After being away from Los Angeles for two months this summer, I’m realizing more and more that I haven’t been exaggerating my insistence that L.A. has the best dining scene.
When I went to New York City, I heard raves about how amazing the food is by New Yorkers. And then when I went to Asheville, people who’ve lived to Asheville sang about their restaurant scene.
I’ve been to NYC many times, so I already know how great the food landscape is there. But a lot of the food that I can afford in NYC are served in a claustrophobic corridor or out of food carts. Sure, the food is great, but the whole dining experience isn’t very comfortable. As for Asheville, I was right to be ambivalent; I’ve found restaurants in Asheville to be more misses that hits, and rather monotone. But perhaps I’m too hasty to judge. Perhaps I’ve just been scarred by my experience with “Asian” food at a certain Doc Chey’s:
I don’t care what the menu says, Doc Chey’s. This is not udon. Neither is it Asian.
Now before you throw sticks and stones at me, this is a purely subjective view. I’m realizing that my conclusion is based on my own bias: I tend to judge a city’s dining scene by its quality and purity of Asian food. I’m not a purist—I find Asian fusion dishes interesting and American Chinese food disgusting yet tasty—but I just don’t think I can stay long-term at any place that doesn’t offer a wide depth of “authentic” Asian cuisine.
What can I say? I’m an Asian spoiled by the insurmountable amount of cheap, delicious Asian grub in and around Los Angeles. That’s because Southern California is home to the largest Korean, Thai, Taiwanese and Vietnamese communities outside of their mother countries. I love that I can walk my neighborhood and walk pass buckets of napa cabbage ready to be fermented into kimchi:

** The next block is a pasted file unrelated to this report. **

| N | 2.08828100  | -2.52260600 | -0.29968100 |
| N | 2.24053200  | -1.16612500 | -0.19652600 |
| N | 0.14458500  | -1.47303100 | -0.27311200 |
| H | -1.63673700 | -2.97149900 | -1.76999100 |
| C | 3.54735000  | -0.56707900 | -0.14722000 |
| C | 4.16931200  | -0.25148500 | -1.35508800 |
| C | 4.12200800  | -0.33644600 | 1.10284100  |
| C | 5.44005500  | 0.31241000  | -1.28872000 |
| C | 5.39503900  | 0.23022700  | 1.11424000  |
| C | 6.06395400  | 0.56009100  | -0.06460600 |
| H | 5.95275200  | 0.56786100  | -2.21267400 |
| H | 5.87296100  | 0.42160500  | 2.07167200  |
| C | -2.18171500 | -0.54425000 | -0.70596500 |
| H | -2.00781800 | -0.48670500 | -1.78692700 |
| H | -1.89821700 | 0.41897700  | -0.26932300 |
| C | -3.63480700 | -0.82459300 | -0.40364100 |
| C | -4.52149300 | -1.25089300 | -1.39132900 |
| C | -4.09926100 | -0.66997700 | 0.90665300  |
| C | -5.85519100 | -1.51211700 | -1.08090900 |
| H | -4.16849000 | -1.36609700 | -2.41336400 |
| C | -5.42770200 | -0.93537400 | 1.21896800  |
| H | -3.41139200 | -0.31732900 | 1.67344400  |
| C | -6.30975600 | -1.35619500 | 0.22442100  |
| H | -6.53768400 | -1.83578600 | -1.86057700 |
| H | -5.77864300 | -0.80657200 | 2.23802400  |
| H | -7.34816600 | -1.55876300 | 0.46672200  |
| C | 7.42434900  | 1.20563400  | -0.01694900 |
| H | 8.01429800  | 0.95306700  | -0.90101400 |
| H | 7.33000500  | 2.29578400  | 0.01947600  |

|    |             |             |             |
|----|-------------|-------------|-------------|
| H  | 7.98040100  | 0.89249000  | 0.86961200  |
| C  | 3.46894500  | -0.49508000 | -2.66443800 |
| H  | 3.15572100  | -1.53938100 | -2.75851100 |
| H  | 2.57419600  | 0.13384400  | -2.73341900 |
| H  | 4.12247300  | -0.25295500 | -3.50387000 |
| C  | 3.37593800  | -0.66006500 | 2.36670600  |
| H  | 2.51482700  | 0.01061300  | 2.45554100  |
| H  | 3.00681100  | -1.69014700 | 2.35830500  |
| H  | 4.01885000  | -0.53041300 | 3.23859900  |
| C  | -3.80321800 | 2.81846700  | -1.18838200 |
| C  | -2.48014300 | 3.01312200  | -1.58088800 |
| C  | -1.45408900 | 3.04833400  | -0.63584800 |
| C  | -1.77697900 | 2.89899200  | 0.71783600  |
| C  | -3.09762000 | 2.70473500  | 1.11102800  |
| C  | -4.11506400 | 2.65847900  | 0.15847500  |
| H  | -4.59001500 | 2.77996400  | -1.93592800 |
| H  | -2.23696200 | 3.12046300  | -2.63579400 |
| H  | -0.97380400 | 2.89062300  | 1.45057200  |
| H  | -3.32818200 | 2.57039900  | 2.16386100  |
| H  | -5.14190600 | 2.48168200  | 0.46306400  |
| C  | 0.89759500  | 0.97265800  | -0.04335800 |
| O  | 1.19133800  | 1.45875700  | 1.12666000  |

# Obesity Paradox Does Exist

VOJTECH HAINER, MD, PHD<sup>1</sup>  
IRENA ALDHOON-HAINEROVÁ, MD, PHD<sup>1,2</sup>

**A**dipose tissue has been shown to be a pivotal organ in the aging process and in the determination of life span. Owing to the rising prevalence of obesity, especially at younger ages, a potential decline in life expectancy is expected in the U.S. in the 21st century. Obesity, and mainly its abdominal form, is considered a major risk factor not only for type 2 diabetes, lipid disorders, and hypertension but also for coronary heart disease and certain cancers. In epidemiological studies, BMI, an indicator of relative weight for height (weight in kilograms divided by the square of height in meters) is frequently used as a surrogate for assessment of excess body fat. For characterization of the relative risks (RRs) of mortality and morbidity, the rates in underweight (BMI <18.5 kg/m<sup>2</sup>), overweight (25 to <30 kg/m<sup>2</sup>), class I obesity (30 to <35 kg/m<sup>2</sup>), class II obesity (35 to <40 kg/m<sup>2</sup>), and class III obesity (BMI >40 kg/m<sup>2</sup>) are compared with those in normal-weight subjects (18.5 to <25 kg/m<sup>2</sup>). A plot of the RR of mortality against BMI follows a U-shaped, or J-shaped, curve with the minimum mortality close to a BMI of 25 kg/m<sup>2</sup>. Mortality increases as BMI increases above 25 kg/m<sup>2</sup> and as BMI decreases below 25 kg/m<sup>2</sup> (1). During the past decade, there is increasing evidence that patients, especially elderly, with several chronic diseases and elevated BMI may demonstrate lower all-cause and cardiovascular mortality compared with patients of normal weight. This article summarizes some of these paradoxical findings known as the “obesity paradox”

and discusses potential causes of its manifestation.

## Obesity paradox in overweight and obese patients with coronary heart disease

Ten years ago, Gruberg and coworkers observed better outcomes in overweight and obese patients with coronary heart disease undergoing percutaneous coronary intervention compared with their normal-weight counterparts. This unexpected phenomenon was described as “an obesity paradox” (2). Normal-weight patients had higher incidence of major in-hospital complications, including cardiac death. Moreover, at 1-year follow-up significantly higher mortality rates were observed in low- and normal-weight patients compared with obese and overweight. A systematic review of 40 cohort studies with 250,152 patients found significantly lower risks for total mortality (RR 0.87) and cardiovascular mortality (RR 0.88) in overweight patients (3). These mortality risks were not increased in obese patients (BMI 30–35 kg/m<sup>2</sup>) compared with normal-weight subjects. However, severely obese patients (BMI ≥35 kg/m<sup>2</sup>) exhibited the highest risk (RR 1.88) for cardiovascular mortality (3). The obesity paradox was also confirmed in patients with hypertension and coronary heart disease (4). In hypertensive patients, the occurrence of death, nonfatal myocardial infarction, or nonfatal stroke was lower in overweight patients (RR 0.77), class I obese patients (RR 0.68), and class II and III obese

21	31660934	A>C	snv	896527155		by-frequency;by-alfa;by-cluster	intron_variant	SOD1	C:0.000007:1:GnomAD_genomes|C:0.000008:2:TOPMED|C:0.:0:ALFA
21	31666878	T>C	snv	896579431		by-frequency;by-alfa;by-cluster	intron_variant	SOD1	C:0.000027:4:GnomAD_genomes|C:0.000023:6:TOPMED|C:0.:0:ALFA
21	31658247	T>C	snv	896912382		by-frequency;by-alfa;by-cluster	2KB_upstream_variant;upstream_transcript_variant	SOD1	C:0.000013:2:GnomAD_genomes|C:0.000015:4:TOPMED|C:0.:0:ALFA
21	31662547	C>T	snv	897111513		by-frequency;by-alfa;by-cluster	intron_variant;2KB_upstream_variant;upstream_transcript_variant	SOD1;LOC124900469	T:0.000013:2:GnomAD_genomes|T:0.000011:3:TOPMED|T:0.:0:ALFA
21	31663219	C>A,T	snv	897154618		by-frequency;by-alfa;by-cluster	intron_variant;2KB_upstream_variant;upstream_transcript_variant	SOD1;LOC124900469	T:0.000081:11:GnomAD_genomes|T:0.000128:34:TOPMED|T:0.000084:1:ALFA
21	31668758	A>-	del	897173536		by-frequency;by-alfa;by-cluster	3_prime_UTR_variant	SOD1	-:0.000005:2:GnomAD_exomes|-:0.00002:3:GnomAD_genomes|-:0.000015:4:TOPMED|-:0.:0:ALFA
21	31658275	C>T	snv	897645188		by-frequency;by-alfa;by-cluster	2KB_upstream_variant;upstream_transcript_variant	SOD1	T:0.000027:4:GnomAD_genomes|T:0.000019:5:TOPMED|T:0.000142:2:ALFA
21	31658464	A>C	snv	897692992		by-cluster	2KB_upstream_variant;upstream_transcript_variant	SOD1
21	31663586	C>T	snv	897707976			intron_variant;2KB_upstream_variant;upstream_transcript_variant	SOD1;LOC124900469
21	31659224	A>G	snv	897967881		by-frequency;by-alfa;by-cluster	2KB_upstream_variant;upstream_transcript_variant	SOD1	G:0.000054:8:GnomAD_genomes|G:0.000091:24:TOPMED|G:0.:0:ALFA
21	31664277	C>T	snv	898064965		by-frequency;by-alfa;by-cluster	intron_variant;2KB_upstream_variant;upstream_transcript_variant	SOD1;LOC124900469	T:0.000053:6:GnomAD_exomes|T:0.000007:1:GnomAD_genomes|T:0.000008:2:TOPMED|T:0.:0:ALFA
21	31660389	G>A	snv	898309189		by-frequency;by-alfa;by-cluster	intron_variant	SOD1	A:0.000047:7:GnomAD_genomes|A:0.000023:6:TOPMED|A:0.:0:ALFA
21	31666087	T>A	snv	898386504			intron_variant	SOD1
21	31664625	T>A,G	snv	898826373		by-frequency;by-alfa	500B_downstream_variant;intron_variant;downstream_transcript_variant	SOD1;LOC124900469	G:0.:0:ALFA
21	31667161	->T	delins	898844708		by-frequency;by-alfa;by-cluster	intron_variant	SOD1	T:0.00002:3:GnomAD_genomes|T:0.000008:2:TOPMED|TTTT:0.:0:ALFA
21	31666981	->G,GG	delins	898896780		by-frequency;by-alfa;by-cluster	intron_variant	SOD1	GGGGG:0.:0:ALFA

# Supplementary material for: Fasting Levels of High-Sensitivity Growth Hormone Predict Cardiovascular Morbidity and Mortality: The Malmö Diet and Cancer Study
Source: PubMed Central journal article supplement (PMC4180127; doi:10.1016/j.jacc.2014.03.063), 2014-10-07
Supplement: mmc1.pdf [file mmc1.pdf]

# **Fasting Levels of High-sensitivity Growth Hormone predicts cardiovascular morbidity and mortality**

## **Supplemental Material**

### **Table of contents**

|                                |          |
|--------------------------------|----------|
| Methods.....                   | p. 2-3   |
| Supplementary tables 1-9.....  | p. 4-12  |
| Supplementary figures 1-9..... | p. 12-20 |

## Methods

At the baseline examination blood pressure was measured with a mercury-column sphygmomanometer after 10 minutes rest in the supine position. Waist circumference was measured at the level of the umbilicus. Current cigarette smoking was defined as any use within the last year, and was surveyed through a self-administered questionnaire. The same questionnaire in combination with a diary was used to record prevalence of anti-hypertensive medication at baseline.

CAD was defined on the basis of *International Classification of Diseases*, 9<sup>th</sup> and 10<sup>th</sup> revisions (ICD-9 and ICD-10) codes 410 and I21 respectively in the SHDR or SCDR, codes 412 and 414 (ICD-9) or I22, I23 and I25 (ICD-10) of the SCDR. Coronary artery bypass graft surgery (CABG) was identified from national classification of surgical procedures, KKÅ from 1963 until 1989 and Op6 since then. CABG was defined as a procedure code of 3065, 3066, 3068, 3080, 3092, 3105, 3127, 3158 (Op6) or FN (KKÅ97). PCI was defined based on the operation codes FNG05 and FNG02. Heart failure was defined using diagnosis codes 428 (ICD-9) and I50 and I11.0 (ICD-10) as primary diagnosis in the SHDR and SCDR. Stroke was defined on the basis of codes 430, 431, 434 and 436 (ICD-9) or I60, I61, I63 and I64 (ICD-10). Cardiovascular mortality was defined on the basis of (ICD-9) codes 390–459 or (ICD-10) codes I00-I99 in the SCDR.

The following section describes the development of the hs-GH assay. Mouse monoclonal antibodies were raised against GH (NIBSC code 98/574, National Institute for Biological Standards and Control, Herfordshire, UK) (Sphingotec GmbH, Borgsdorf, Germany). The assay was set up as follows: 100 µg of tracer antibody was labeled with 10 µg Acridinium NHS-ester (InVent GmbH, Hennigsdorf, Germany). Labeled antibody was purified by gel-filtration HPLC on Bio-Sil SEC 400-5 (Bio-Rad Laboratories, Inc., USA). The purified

Let me illustrate. A couple months back, a group of food-loving Asian Americans decided to bring the nostalgic Taiwanese night market here in Southern California. Such a brilliant plan: Asians love to eat! They love to shop! They love prowling around at night eating and shopping! Why not recreate that night market to support local businesses and provide tons of yummy iconic snacks to people hungry for a taste of their heritage?
They called the project 626 Night Market (“626” is the area code for San Gabriel Valley, where the largest Taiwanese population resides).
I thought it was a genius idea. And so, apparently, did the rest of the Chinese population around L.A. I knew going into the first event, that it was going to be crowded.
But golly. It’s one thing to see cold numeral figures on a page. It’s another thing to see those numbers materialize in a sea of faces and bodies squeezed into a single block. And most of them were Chinese, so this was just a fraction of the East Asian population living around Los Angeles!